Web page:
In California’s Napa Valley region, during the #rainpocalypse this past week, we piloted several different front- and all-wheel drive versions of the Murano, finding it confident and surefooted—and perhaps more notably, finding the interior sublimely quiet and isolated from the gales and pouring rain.
Familiar goods under the hood
The Murano doesn’t have anything groundbreaking under the hood, but its familiar 3.5-liter V-6, making 260 horsepower and 240 pound-feet of torque, feels quick, smooth, and relatively responsive with the continuously variable automatic transmission (CVT), which is essentially a version of what’s used in the Pathfinder.
The Murano also doesn’t have the issue that affects a lot of its other CVT-equipped vehicles—sluggishness at lower speeds when you need a quick burst of power. Thanks to plentiful low-rev torque from this engine, it gathers speed quickly as the CVT lowers the ratio. And if you accelerate at more than half throttle (but not quite full throttle) you’ll find the transmission now follows some pronounced ‘gears’ along the way—as part of a so-called ‘D-step’ strategy.
The way the Murano rides and handles is very carlike, and much like that of a large sedan—albeit maybe with a little more body lean. The electrohydraulic rack-and-pinion steering has a good, relaxed feel on center, and it loads up nicely. One thing to keep in mind is that models with the 18-inch wheels handle just as well as those with the 20-inch wheels—except for a slight bit more precision in quick transitions. With the larger wheels, you do introduce more road harshness as well.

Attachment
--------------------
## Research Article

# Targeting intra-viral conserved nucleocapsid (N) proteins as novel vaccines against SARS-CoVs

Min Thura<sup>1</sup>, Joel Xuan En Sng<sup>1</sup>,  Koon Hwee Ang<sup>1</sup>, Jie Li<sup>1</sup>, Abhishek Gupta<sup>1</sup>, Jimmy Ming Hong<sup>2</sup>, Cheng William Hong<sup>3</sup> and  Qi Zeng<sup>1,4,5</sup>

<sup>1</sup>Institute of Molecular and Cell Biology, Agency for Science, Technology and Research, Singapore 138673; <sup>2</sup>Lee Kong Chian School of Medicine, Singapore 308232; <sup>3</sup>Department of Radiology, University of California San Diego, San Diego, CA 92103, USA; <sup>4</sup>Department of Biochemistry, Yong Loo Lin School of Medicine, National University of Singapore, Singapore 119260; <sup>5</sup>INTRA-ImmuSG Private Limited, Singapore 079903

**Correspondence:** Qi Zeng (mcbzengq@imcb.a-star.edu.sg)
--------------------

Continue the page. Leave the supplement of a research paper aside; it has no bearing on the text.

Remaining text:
Composed ride, comfortable seats, conversation alley
In any case, the ride is composed and very comfortable. So is the seating, which has been conceived to be just as accommodating to those in back as in front. The so-called Zero Gravity design—for more back support—not only applies to the front seats but to the outboard seats in back. And while the front seats didn’t entirely win us over, those back seats we’d venture to say are best-in-class.
With a wide center console and those impressive seats, Nissan terms the middle area of the vehicle conversation alley; considering the quiet interior, you should have no problem catching up with back-seat passengers while cruising along.
Thanks to reduced weight and improved aerodynamics, the Murano is about 20 percent more fuel-efficient than the outgoing model, Nissan says. That leads to new EPA ratings of 21 mpg city, 28 highway for the entire model line—and our 24-mpg average over a mix of road conditions suggests you might see about that or better in real-world driving.
The Murano has always fit into a different place in the market than most of Nissan’s other vehicles. Like the Maxima, it’s more of a gateway to luxury-brand models; and in its best-equipped models, it’s a full-fledged luxury vehicle in all but the badge.
Top-of-the-line Platinum breaks into luxury territory
This year that’s underscored with the introduction of a new, top-of-the-line Platinum model that adds things like ventilated front seats, heated back seats, LED headlamps, and power-folding rear seatbacks. Blind Spot Warning and Rear Cross Traffic Alert is included, and on the Platinum and the next-highest SL you can opt for a Tech Package that adds Blind Spot Warning, Forward Emergency Braking, and Predictive Forward Collision Warning.
How does the Murano add up for value? That’s one we’re still pondering. In all, the top Murano SL and Platinum models feel like true rivals to the Lexus RX 350 or Acura MDX. But at about $46k for a loaded Platinum they’re not priced much higher.
You'll find a lot more detail over at our full review pages for the 2015 Murano. But overall, we tend to think that the Murano S and SV models, with their low-to-mid-30s price tags, offer the strongest value of the lineup. That’s where you can actually stop focusing on what the Murano doesn’t have and instead relish what it does have: stunning good looks, an ease about the driving experience, and a true four-adult interior that might just remind you how much fun road-tripping can be.